This dull, rambling $100,000 debut for writer-director Scott Zakarin takes a potentially intriguing sci-fi premise and talks it to death.
Dick Anthony Williams, Bianca Ferguson, and J.A. Preston play Daniel, Lisa, and Jacob--American descendants of a West African tribe with special powers to combat the evil force Ogo from the star Sirius. Ogo's goal is to destroy the last remnants of the tribe, the "gifted," leaving him free to
destroy the Earth and recreate it as a world of hate. As children, the three are given a book by their father describing their history and destiny; he and his wife are then killed by Ogo in a fire. Lisa is also given a strange, glowing stone by a stranger who tells her that it will protect her
from evil. Over thirty years later, Lisa's first child has mysteriously died in infancy, and King, a distant African relative of the three, comes to America to track them down and help them in their battle against Ogo. Jacob dies in a plane crash, and Daniel and Lisa slowly piece together the
puzzle of their past to defeat Ogo. The solution consists of combining Lisa's stone with a totem statue their father was working on at the time of his death. Before they can complete the statue, Ogo attacks. At the cost of his own life, King intercedes and drives Ogo back long enough for Daniel
and Lisa to finish the statue and kill the demon once and for all.
THE GIFTED is what happens when a filmmaker has a $30 million idea but not enough money to carry it out. Even for a micro-budget production, however, THE GIFTED keeps tripping over its own cinematic feet at every turn. Its characters over-explain the obvious while neglecting what is not so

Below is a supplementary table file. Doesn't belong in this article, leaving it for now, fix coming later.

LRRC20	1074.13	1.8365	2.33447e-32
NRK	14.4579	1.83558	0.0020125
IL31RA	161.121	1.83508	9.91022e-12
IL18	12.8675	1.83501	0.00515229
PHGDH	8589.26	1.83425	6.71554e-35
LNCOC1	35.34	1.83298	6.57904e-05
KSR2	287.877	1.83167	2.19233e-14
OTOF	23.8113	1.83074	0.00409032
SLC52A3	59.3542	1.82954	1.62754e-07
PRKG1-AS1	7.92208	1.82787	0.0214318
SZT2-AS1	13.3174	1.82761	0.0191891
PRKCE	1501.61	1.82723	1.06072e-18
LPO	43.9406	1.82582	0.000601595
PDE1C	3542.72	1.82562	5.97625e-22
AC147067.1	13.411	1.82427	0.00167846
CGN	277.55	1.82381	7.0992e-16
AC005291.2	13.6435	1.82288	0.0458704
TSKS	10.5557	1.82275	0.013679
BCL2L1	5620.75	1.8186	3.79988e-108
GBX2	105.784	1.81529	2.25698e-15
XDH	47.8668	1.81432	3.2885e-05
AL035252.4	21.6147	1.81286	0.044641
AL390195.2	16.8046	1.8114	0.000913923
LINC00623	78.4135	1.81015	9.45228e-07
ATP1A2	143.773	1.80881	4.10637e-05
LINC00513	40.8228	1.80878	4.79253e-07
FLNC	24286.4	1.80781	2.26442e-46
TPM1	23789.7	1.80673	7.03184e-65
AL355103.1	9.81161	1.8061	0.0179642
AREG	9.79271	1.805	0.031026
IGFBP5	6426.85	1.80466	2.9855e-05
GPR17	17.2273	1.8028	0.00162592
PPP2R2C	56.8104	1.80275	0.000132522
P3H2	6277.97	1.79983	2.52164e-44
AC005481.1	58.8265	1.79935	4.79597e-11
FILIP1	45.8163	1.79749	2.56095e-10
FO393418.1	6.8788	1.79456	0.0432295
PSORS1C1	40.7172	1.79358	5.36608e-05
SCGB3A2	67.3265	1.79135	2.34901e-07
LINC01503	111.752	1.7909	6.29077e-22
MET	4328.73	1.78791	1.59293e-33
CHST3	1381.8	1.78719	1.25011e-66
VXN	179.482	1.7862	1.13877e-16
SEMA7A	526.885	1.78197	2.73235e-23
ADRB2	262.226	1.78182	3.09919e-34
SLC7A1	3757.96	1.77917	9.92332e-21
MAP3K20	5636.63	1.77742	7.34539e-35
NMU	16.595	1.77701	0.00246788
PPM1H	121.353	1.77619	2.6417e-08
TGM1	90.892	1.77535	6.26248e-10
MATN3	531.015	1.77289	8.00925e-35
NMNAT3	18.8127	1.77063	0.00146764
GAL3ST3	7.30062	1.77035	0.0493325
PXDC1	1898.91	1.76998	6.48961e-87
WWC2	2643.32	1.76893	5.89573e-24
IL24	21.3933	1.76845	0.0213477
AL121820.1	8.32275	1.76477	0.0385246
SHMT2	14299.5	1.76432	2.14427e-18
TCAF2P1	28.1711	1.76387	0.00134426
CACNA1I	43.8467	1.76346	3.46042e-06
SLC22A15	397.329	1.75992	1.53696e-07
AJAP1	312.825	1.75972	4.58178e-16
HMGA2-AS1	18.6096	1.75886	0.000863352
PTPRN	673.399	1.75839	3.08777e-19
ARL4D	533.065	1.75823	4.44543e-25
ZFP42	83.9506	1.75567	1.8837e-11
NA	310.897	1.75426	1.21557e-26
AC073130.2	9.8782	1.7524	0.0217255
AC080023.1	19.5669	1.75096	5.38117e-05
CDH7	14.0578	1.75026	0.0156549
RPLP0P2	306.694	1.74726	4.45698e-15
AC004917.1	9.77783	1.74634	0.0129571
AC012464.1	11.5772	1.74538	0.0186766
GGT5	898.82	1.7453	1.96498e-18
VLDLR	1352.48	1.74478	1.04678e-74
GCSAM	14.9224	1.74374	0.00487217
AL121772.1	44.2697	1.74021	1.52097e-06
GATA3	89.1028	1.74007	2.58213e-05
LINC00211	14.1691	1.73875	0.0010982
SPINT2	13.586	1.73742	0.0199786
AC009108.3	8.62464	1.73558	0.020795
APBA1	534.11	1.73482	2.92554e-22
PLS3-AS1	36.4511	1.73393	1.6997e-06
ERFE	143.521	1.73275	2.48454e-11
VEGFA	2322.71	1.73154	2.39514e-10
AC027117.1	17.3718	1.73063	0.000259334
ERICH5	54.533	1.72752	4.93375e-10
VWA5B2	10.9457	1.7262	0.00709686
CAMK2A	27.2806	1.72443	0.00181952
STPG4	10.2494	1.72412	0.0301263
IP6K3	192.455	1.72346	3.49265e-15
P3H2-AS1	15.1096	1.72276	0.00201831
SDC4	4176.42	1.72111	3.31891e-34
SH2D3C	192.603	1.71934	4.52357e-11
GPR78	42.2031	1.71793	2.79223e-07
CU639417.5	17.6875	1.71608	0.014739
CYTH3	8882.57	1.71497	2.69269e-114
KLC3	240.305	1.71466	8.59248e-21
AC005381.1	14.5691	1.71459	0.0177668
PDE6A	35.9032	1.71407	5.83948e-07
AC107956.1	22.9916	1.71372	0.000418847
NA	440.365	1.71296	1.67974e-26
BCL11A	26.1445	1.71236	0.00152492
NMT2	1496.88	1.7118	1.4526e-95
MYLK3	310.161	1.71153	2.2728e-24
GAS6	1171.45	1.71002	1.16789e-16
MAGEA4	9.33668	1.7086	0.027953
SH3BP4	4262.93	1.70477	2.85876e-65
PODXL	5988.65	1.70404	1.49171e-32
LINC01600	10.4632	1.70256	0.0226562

obvious; the film is simultaneously bloated with exposition and utterly baffling most of the time. The narrative is needlessly convoluted. The siblings lives hundreds of miles from each other for no good reason, leading to a lot of time spent driving back and forth. King wastes much time doing
scholarly research only to have all his questions answered by a package that arrives in the mail. Much depends on the apparent fact that Ogo is the laziest demonic villain in screen history. Why he waits 31 years between smiting the siblings' parents and finally getting around to the siblings
themselves is never adequately explained. His lethargy is matched only by that of the trio of heroes, who apparently never bothered to read the book their father gave them. When push comes to shove, the three wind up having to turn the text over to Lisa's nerdish, college-educated husband to
decipher what turns out to be a fairly simple solution to their crisis. Each of the lumbering plot points is accompanied by cheesy special effects, endless, exhausting talk, and really bad fright makeup that makes Ogo look more silly than scary. By the end, it's genuinely difficult to care whether
Ogo is defeated or not. (Violence.)
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- Released: 1994
- Rating: NR
- Review: This dull, rambling $100,000 debut for writer-director Scott Zakarin takes a potentially intriguing sci-fi premise and talks it to death. Dick Anthony Williams, Bianca Ferguson, and J.A. Preston play Daniel, Lisa, and Jacob--American descendants of a We… (more)